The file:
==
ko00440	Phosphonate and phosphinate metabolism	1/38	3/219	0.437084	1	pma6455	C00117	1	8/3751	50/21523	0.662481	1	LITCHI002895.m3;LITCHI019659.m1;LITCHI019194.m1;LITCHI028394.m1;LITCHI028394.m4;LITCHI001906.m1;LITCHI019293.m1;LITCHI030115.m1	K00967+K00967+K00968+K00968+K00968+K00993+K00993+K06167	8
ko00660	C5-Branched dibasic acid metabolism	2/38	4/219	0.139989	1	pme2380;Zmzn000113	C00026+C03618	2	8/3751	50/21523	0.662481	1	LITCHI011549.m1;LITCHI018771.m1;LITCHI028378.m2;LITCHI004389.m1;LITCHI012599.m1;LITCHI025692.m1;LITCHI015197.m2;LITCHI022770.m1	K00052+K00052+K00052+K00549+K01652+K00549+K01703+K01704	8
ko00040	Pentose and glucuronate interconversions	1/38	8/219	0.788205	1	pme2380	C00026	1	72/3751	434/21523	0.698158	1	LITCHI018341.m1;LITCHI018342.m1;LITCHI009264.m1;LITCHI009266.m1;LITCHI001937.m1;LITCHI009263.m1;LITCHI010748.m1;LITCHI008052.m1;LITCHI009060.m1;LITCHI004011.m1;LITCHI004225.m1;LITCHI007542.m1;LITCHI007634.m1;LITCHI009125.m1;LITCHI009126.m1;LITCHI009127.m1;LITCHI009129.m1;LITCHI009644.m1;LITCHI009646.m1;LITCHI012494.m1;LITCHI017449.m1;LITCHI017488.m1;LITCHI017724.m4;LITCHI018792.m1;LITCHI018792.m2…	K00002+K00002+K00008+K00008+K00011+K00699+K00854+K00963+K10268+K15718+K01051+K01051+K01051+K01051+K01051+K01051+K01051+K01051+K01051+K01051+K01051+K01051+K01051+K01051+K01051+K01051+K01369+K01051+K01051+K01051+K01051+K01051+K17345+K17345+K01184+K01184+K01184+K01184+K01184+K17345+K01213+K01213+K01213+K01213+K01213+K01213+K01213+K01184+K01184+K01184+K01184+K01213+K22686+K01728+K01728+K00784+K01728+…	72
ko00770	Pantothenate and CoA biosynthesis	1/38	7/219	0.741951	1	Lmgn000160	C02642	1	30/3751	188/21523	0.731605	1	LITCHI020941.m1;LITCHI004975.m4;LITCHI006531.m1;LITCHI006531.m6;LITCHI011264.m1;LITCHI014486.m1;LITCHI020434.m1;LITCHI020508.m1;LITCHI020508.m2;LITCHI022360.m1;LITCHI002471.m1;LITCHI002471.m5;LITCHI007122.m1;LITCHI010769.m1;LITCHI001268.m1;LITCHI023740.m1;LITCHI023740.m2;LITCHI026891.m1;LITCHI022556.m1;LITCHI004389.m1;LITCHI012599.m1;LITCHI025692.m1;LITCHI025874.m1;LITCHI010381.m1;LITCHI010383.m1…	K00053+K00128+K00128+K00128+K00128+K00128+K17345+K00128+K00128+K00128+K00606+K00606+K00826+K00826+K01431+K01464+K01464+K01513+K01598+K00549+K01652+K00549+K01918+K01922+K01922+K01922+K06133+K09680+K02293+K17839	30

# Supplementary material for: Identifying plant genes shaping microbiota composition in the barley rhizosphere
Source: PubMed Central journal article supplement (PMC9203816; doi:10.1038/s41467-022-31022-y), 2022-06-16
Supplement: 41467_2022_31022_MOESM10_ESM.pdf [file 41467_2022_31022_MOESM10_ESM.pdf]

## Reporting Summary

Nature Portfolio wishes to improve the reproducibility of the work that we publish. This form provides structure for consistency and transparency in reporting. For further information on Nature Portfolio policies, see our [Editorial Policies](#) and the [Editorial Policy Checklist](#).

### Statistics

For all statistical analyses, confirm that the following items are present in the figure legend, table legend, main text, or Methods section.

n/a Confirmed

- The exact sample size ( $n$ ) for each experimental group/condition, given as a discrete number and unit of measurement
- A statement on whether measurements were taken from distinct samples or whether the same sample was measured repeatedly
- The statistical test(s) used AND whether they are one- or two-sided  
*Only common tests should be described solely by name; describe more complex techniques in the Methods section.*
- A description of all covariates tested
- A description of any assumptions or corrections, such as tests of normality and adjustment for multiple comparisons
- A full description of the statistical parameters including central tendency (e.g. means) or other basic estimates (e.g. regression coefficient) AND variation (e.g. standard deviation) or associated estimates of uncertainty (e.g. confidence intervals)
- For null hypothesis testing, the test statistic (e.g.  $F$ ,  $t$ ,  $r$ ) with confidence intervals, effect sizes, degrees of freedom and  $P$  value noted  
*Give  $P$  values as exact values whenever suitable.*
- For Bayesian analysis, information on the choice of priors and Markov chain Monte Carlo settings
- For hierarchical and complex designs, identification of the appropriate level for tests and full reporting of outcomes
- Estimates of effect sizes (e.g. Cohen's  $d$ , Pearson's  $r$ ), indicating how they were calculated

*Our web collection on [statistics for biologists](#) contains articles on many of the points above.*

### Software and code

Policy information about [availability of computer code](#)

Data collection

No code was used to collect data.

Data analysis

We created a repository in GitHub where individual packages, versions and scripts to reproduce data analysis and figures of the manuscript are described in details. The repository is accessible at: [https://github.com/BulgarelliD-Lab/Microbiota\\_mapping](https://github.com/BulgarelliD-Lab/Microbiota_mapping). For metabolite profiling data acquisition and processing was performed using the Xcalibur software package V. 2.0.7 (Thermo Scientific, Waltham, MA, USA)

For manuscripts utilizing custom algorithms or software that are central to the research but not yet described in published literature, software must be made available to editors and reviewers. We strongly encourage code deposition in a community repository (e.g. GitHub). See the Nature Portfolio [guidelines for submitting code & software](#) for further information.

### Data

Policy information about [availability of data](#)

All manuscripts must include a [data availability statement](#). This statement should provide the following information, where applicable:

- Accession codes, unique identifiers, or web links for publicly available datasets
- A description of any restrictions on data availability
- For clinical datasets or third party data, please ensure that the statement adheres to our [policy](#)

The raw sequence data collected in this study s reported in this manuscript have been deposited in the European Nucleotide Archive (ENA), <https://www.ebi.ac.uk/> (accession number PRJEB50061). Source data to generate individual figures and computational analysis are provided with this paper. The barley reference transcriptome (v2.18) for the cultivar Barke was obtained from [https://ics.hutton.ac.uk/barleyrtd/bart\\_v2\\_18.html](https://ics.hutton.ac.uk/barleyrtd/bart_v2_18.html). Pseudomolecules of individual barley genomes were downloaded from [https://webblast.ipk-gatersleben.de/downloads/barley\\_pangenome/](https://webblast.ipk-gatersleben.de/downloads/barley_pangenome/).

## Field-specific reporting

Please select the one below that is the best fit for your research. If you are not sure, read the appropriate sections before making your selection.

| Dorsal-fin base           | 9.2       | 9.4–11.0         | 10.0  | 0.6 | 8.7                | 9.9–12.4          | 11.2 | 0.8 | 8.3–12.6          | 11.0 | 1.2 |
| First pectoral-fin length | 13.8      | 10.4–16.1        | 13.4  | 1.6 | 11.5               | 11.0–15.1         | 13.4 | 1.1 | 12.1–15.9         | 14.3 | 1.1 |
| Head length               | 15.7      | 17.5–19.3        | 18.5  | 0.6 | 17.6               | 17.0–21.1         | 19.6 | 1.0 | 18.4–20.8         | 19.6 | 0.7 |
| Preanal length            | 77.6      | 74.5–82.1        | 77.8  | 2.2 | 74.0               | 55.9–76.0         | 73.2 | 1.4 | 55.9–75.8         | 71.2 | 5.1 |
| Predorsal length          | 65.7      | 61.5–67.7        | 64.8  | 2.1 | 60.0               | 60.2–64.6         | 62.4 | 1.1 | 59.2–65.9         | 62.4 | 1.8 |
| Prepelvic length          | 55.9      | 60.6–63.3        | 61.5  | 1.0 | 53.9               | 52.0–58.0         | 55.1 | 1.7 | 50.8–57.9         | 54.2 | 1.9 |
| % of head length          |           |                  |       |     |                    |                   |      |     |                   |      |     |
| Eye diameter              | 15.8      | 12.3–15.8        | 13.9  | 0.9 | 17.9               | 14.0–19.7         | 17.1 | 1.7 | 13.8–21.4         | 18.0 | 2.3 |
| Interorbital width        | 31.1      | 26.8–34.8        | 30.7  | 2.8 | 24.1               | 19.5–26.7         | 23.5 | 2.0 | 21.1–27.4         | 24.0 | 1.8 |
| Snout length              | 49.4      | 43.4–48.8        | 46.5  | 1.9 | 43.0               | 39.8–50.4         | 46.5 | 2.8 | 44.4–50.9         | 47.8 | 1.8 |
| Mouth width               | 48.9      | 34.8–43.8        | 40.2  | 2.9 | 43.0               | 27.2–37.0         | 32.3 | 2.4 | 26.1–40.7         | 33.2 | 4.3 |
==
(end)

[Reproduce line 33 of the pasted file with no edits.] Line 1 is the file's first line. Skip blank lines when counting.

### Data